Here is what to expect in and around the hive in November.
In the hive
The bees are in their winter cluster and there is little to no egg laying in November.
- You may insulate the hive, but be sure foremost to avoid moisture build-up in the hives. Cold is less of a problem for bees than condensation. Since much of the heat escapes out of the top of the hive, some beekeepers add a super with an insulating, absorbent material (e.g., dry leaves, wood chips). Others wrap the hives in black tar paper or similar materials.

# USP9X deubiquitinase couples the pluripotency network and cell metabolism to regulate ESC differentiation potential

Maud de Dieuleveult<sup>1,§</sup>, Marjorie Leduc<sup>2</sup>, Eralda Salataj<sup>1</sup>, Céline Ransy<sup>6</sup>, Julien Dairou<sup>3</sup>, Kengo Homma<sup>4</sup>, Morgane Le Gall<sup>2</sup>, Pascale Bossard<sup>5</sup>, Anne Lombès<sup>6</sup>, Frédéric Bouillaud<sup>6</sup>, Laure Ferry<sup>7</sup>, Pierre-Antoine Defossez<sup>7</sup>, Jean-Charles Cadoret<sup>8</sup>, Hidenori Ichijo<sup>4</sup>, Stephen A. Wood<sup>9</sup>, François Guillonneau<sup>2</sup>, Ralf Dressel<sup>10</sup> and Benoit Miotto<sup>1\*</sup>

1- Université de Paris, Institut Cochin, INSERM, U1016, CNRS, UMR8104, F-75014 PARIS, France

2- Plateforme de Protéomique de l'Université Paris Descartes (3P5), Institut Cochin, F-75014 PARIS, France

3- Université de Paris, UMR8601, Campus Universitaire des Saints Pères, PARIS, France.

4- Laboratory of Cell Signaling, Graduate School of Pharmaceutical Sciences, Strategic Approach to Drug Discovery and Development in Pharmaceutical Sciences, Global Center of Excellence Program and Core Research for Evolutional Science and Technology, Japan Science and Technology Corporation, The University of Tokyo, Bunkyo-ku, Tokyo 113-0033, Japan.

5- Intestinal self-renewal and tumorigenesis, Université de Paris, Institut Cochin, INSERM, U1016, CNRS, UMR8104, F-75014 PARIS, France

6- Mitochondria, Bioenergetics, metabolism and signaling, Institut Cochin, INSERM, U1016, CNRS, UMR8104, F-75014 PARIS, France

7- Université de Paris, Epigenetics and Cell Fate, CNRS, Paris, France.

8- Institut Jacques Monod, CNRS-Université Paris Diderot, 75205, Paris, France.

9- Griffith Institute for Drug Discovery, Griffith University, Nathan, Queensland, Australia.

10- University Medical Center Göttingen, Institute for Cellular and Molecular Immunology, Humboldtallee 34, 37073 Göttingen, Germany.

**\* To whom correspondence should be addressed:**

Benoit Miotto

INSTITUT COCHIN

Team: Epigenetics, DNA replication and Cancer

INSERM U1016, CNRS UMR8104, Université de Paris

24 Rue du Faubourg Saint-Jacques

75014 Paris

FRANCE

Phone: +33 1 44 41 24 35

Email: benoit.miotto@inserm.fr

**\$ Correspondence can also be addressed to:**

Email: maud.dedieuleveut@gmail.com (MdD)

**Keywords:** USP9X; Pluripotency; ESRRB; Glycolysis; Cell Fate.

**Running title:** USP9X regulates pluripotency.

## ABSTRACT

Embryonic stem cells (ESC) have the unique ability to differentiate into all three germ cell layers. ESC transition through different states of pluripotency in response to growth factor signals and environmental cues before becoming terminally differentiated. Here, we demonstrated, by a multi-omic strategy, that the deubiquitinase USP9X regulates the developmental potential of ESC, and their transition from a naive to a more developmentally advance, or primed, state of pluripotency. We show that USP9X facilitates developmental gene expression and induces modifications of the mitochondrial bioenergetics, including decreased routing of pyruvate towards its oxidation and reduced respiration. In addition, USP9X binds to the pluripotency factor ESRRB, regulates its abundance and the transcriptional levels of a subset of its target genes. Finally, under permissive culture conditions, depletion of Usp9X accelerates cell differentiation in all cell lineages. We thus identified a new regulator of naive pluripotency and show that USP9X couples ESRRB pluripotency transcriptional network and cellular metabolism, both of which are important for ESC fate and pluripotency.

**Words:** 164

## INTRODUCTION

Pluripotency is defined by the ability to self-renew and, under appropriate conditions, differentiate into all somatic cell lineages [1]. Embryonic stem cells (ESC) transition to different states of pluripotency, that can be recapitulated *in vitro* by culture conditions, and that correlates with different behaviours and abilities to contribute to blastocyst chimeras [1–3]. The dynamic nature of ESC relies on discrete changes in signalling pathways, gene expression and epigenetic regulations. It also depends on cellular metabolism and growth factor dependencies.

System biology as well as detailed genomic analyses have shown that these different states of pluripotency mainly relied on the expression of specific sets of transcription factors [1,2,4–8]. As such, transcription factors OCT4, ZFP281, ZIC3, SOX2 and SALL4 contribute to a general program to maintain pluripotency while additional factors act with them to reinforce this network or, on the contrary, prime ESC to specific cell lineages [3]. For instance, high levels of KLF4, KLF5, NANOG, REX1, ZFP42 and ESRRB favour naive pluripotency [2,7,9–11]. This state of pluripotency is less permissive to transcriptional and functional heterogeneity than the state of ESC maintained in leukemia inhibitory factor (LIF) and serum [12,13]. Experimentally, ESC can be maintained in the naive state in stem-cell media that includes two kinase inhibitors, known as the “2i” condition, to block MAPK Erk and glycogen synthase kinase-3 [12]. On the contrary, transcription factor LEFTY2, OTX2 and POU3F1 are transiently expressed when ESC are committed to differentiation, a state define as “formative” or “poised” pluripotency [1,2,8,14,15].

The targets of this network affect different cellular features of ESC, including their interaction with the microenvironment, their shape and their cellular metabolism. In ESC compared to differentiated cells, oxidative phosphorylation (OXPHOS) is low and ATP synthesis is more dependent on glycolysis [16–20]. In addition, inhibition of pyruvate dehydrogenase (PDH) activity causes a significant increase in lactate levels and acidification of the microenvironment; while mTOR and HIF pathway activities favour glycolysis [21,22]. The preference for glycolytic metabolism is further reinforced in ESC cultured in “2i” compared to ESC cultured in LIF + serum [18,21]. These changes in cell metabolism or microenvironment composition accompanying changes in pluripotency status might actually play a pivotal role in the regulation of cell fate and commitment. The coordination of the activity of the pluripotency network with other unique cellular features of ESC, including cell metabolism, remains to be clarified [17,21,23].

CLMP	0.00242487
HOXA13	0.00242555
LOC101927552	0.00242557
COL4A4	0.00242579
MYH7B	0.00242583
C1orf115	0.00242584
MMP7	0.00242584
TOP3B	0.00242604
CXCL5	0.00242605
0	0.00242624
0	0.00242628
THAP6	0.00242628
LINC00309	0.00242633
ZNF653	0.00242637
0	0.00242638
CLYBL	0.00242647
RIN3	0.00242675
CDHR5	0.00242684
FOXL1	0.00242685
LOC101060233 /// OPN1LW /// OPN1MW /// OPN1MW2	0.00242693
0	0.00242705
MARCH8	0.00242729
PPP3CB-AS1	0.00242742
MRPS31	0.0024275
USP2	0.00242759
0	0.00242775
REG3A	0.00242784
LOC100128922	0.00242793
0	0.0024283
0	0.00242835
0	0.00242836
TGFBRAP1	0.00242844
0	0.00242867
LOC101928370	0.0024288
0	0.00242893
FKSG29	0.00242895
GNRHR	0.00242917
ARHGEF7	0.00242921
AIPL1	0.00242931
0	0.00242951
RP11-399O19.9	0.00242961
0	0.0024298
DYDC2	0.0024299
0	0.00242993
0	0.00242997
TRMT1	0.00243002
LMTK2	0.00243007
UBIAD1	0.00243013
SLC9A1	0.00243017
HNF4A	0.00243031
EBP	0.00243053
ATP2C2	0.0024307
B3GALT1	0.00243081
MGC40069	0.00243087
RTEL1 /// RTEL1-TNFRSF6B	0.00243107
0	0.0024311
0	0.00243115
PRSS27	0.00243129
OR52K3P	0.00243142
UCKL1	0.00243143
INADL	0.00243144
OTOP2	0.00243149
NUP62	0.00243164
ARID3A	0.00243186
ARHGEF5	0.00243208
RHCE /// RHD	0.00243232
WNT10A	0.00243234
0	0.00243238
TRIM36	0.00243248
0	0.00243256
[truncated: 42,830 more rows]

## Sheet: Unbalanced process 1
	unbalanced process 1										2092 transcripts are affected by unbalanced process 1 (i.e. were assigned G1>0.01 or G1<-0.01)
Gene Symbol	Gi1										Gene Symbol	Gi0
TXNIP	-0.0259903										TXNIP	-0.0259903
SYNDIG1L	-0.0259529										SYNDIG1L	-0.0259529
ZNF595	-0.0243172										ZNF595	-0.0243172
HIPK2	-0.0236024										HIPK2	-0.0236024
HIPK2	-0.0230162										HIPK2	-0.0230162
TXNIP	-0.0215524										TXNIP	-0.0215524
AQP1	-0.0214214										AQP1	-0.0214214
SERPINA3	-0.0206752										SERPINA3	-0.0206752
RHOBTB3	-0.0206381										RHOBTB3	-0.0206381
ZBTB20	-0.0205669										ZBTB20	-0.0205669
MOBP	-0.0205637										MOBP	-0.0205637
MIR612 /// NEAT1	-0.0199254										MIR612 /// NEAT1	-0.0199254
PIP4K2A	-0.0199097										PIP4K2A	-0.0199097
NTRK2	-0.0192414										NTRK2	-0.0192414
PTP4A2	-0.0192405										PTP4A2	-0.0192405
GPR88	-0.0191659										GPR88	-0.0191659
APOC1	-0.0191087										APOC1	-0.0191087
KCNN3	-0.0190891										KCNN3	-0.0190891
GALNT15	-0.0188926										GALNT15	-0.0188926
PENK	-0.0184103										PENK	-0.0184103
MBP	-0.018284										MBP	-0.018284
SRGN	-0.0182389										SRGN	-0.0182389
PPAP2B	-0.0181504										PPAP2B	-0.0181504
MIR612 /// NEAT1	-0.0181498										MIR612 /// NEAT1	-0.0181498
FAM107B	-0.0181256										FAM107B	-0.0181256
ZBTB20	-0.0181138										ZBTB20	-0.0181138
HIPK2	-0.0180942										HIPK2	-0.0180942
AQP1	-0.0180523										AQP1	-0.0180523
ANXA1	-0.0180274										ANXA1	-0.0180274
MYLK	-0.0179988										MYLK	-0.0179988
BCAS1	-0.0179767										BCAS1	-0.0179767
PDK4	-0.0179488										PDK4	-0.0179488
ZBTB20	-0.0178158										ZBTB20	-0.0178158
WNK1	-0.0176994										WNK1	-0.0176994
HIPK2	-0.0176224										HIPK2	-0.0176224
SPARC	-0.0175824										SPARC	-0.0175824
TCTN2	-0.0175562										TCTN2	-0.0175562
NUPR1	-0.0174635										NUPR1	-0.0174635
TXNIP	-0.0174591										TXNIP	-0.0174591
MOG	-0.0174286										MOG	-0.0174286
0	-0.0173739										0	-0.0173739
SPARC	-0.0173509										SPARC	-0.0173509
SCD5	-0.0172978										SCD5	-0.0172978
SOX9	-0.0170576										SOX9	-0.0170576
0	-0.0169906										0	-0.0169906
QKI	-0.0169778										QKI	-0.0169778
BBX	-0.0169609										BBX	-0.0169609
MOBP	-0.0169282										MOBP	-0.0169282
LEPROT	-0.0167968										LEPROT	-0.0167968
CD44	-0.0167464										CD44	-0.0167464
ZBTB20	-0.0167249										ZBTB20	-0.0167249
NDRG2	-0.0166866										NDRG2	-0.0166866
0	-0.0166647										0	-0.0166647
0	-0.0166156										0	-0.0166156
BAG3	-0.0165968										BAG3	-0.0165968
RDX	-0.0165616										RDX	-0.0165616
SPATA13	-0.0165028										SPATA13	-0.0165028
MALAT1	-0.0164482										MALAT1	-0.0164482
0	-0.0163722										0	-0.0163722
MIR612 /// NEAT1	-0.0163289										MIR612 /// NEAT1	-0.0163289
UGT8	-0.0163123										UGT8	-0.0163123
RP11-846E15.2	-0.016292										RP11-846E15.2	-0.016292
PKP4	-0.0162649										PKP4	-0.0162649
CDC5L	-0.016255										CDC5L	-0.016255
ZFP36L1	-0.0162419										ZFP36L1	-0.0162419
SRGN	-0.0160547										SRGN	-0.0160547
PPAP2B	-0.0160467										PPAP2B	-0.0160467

- Leave an upper entrance open for the exhaust of moisture. Tilt the hives forward a few degrees so that any moisture that does accumulate can drain out the bottom entrance.
- Be sure that any equipment you are storing during the winter that may harbor wax moths has been frozen and/or is stored carefully.
- Consider setting up a wind break near the hives.
- If it snows, make sure the entrances are clear of snow to ensure proper air flow.